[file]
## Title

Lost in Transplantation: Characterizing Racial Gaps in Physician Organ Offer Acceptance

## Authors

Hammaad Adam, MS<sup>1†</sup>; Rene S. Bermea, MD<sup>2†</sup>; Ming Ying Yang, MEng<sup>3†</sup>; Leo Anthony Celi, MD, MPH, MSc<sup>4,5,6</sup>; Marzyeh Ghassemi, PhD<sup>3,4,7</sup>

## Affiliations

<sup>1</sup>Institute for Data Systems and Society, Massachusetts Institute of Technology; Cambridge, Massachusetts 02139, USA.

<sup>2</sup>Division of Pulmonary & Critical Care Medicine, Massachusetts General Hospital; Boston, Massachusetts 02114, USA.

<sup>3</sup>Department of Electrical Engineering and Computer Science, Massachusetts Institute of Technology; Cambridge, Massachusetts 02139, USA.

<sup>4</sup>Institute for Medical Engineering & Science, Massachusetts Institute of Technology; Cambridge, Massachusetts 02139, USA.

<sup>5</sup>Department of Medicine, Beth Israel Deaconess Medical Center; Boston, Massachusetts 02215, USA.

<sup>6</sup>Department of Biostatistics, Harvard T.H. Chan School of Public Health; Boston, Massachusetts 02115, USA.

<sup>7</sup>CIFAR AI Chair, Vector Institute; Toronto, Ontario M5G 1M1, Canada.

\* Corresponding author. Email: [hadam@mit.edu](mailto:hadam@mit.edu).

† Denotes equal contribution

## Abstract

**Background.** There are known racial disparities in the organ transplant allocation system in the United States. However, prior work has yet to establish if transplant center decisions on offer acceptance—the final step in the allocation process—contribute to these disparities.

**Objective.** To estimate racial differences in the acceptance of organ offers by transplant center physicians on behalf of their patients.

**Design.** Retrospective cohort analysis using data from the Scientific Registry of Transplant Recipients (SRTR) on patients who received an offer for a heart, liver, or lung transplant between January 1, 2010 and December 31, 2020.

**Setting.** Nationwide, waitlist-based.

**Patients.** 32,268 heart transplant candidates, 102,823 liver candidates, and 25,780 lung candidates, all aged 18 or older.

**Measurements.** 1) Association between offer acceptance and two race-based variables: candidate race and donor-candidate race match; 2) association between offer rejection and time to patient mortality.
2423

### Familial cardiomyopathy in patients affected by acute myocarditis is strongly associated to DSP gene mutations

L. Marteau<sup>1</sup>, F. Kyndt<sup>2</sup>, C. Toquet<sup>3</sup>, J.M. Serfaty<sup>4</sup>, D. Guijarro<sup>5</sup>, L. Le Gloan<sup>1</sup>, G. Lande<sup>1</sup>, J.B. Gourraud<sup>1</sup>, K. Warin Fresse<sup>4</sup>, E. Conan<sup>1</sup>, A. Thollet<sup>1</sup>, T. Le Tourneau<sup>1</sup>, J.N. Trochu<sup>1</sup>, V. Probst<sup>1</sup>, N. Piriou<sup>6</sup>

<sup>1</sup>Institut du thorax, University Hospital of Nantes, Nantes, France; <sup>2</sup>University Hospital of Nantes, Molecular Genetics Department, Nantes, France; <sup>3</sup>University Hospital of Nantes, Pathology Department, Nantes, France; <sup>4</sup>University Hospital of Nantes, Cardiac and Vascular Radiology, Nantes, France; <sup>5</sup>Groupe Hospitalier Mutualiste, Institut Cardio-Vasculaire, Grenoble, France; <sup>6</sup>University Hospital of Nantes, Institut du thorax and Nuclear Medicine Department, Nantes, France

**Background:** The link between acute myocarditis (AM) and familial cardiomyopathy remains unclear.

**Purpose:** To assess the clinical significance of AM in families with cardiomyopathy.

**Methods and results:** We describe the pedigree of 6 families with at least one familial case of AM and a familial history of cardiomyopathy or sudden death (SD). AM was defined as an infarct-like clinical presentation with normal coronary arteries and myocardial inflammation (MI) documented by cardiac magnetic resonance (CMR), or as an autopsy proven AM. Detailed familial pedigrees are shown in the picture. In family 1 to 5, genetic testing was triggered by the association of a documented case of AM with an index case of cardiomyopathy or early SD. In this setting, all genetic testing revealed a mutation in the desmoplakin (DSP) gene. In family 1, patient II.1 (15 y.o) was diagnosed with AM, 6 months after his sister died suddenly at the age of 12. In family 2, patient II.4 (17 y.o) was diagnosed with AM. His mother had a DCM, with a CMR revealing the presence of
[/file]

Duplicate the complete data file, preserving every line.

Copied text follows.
## Title

Lost in Transplantation: Characterizing Racial Gaps in Physician Organ Offer Acceptance

## Authors

Hammaad Adam, MS<sup>1†</sup>; Rene S. Bermea, MD<sup>2†</sup>; Ming Ying Yang, MEng<sup>3†</sup>; Leo Anthony Celi, MD, MPH, MSc<sup>4,5,6</sup>; Marzyeh Ghassemi, PhD<sup>3,4,7</sup>

## Affiliations

<sup>1</sup>Institute for Data Systems and Society, Massachusetts Institute of Technology; Cambridge, Massachusetts 02139, USA.

<sup>2</sup>Division of Pulmonary & Critical Care Medicine, Massachusetts General Hospital; Boston, Massachusetts 02114, USA.

<sup>3</sup>Department of Electrical Engineering and Computer Science, Massachusetts Institute of Technology; Cambridge, Massachusetts 02139, USA.

<sup>4</sup>Institute for Medical Engineering & Science, Massachusetts Institute of Technology; Cambridge, Massachusetts 02139, USA.

<sup>5</sup>Department of Medicine, Beth Israel Deaconess Medical Center; Boston, Massachusetts 02215, USA.

<sup>6</sup>Department of Biostatistics, Harvard T.H. Chan School of Public Health; Boston, Massachusetts 02115, USA.

<sup>7</sup>CIFAR AI Chair, Vector Institute; Toronto, Ontario M5G 1M1, Canada.

\* Corresponding author. Email: [hadam@mit.edu](mailto:hadam@mit.edu).

† Denotes equal contribution

## Abstract

**Background.** There are known racial disparities in the organ transplant allocation system in the United States. However, prior work has yet to establish if transplant center decisions on offer acceptance—the final step in the allocation process—contribute to these disparities.

**Objective.** To estimate racial differences in the acceptance of organ offers by transplant center physicians on behalf of their patients.

**Design.** Retrospective cohort analysis using data from the Scientific Registry of Transplant Recipients (SRTR) on patients who received an offer for a heart, liver, or lung transplant between January 1, 2010 and December 31, 2020.

**Setting.** Nationwide, waitlist-based.

**Patients.** 32,268 heart transplant candidates, 102,823 liver candidates, and 25,780 lung candidates, all aged 18 or older.

**Measurements.** 1) Association between offer acceptance and two race-based variables: candidate race and donor-candidate race match; 2) association between offer rejection and time to patient mortality.
2423

### Familial cardiomyopathy in patients affected by acute myocarditis is strongly associated to DSP gene mutations

L. Marteau<sup>1</sup>, F. Kyndt<sup>2</sup>, C. Toquet<sup>3</sup>, J.M. Serfaty<sup>4</sup>, D. Guijarro<sup>5</sup>, L. Le Gloan<sup>1</sup>, G. Lande<sup>1</sup>, J.B. Gourraud<sup>1</sup>, K. Warin Fresse<sup>4</sup>, E. Conan<sup>1</sup>, A. Thollet<sup>1</sup>, T. Le Tourneau<sup>1</sup>, J.N. Trochu<sup>1</sup>, V. Probst<sup>1</sup>, N. Piriou<sup>6</sup>

<sup>1</sup>Institut du thorax, University Hospital of Nantes, Nantes, France; <sup>2</sup>University Hospital of Nantes, Molecular Genetics Department, Nantes, France; <sup>3</sup>University Hospital of Nantes, Pathology Department, Nantes, France; <sup>4</sup>University Hospital of Nantes, Cardiac and Vascular Radiology, Nantes, France; <sup>5</sup>Groupe Hospitalier Mutualiste, Institut Cardio-Vasculaire, Grenoble, France; <sup>6</sup>University Hospital of Nantes, Institut du thorax and Nuclear Medicine Department, Nantes, France

**Background:** The link between acute myocarditis (AM) and familial cardiomyopathy remains unclear.

**Purpose:** To assess the clinical significance of AM in families with cardiomyopathy.

**Methods and results:** We describe the pedigree of 6 families with at least one familial case of AM and a familial history of cardiomyopathy or sudden death (SD). AM was defined as an infarct-like clinical presentation with normal coronary arteries and myocardial inflammation (MI) documented by cardiac magnetic resonance (CMR), or as an autopsy proven AM. Detailed familial pedigrees are shown in the picture. In family 1 to 5, genetic testing was triggered by the association of a documented case of AM with an index case of cardiomyopathy or early SD. In this setting, all genetic testing revealed a mutation in the desmoplakin (DSP) gene. In family 1, patient II.1 (15 y.o) was diagnosed with AM, 6 months after his sister died suddenly at the age of 12. In family 2, patient II.4 (17 y.o) was diagnosed with AM. His mother had a DCM, with a CMR revealing the presence of